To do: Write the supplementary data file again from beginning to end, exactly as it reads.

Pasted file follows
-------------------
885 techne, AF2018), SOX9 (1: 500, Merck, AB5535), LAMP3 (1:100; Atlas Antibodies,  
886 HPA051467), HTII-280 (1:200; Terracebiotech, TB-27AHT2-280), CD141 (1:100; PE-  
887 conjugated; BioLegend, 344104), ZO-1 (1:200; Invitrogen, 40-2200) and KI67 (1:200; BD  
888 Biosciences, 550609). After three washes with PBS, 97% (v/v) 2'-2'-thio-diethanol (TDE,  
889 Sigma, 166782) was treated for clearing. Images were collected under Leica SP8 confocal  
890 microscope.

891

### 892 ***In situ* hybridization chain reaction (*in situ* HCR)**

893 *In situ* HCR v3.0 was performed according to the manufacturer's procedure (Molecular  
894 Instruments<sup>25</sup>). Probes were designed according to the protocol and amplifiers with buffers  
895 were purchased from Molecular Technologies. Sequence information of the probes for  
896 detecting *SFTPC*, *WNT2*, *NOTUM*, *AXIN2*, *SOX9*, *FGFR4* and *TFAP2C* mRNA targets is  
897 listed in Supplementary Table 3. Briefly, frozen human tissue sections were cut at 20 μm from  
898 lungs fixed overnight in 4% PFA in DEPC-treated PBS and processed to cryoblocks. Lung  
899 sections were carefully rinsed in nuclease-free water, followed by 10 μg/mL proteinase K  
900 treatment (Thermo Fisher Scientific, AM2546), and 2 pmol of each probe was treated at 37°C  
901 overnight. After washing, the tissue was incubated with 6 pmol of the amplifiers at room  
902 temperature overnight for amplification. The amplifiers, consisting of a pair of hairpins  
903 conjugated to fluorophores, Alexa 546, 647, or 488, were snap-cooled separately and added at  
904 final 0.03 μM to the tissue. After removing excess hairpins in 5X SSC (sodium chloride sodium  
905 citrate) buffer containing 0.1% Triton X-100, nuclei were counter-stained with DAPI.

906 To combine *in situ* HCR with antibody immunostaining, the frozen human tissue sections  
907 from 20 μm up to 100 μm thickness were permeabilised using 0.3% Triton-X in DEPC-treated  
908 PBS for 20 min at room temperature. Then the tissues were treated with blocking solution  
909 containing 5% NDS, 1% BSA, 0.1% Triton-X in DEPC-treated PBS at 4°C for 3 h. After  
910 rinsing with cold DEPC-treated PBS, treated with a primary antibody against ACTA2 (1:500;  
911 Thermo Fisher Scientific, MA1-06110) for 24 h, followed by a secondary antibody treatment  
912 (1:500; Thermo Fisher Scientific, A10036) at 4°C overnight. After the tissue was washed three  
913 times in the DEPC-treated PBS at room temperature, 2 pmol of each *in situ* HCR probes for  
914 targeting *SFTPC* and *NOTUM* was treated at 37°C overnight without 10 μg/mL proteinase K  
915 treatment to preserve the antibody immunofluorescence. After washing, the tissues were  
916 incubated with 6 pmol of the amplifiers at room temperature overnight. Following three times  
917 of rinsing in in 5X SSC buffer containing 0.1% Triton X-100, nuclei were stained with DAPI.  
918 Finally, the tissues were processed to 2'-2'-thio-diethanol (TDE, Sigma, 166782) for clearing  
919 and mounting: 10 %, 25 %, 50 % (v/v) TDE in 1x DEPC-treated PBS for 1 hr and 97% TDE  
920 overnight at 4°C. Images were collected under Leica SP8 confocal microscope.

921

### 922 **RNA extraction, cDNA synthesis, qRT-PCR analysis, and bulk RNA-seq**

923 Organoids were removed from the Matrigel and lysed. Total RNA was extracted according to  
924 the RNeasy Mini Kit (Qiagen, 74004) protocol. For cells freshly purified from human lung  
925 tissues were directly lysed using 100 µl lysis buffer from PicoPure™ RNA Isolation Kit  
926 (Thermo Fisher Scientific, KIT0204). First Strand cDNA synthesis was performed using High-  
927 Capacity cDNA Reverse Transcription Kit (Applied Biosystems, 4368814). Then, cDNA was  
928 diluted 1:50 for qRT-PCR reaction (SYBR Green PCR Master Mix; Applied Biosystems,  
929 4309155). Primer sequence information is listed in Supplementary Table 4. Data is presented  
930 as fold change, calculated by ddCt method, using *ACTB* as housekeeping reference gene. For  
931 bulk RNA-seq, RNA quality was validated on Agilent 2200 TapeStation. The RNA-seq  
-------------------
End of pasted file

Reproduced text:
885 techne, AF2018), SOX9 (1: 500, Merck, AB5535), LAMP3 (1:100; Atlas Antibodies,  
886 HPA051467), HTII-280 (1:200; Terracebiotech, TB-27AHT2-280), CD141 (1:100; PE-  
887 conjugated; BioLegend, 344104), ZO-1 (1:200; Invitrogen, 40-2200) and KI67 (1:200; BD  
888 Biosciences, 550609). After three washes with PBS, 97% (v/v) 2'-2'-thio-diethanol (TDE,  
889 Sigma, 166782) was treated for clearing. Images were collected under Leica SP8 confocal  
890 microscope.

891

### 892 ***In situ* hybridization chain reaction (*in situ* HCR)**

893 *In situ* HCR v3.0 was performed according to the manufacturer's procedure (Molecular  
894 Instruments<sup>25</sup>). Probes were designed according to the protocol and amplifiers with buffers  
895 were purchased from Molecular Technologies. Sequence information of the probes for  
896 detecting *SFTPC*, *WNT2*, *NOTUM*, *AXIN2*, *SOX9*, *FGFR4* and *TFAP2C* mRNA targets is  
897 listed in Supplementary Table 3. Briefly, frozen human tissue sections were cut at 20 μm from  
898 lungs fixed overnight in 4% PFA in DEPC-treated PBS and processed to cryoblocks. Lung  
899 sections were carefully rinsed in nuclease-free water, followed by 10 μg/mL proteinase K  
900 treatment (Thermo Fisher Scientific, AM2546), and 2 pmol of each probe was treated at 37°C  
901 overnight. After washing, the tissue was incubated with 6 pmol of the amplifiers at room  
902 temperature overnight for amplification. The amplifiers, consisting of a pair of hairpins  
903 conjugated to fluorophores, Alexa 546, 647, or 488, were snap-cooled separately and added at  
904 final 0.03 μM to the tissue. After removing excess hairpins in 5X SSC (sodium chloride sodium  
905 citrate) buffer containing 0.1% Triton X-100, nuclei were counter-stained with DAPI.

906 To combine *in situ* HCR with antibody immunostaining, the frozen human tissue sections  
907 from 20 μm up to 100 μm thickness were permeabilised using 0.3% Triton-X in DEPC-treated  
908 PBS for 20 min at room temperature. Then the tissues were treated with blocking solution  
909 containing 5% NDS, 1% BSA, 0.1% Triton-X in DEPC-treated PBS at 4°C for 3 h. After  
910 rinsing with cold DEPC-treated PBS, treated with a primary antibody against ACTA2 (1:500;  
911 Thermo Fisher Scientific, MA1-06110) for 24 h, followed by a secondary antibody treatment  
912 (1:500; Thermo Fisher Scientific, A10036) at 4°C overnight. After the tissue was washed three  
913 times in the DEPC-treated PBS at room temperature, 2 pmol of each *in situ* HCR probes for  
914 targeting *SFTPC* and *NOTUM* was treated at 37°C overnight without 10 μg/mL proteinase K  
915 treatment to preserve the antibody immunofluorescence. After washing, the tissues were  
916 incubated with 6 pmol of the amplifiers at room temperature overnight. Following three times  
917 of rinsing in in 5X SSC buffer containing 0.1% Triton X-100, nuclei were stained with DAPI.  
918 Finally, the tissues were processed to 2'-2'-thio-diethanol (TDE, Sigma, 166782) for clearing  
919 and mounting: 10 %, 25 %, 50 % (v/v) TDE in 1x DEPC-treated PBS for 1 hr and 97% TDE  
920 overnight at 4°C. Images were collected under Leica SP8 confocal microscope.

921

### 922 **RNA extraction, cDNA synthesis, qRT-PCR analysis, and bulk RNA-seq**

923 Organoids were removed from the Matrigel and lysed. Total RNA was extracted according to  
924 the RNeasy Mini Kit (Qiagen, 74004) protocol. For cells freshly purified from human lung  
925 tissues were directly lysed using 100 µl lysis buffer from PicoPure™ RNA Isolation Kit  
926 (Thermo Fisher Scientific, KIT0204). First Strand cDNA synthesis was performed using High-  
927 Capacity cDNA Reverse Transcription Kit (Applied Biosystems, 4368814). Then, cDNA was  
928 diluted 1:50 for qRT-PCR reaction (SYBR Green PCR Master Mix; Applied Biosystems,  
929 4309155). Primer sequence information is listed in Supplementary Table 4. Data is presented  
930 as fold change, calculated by ddCt method, using *ACTB* as housekeeping reference gene. For  
931 bulk RNA-seq, RNA quality was validated on Agilent 2200 TapeStation. The RNA-seq  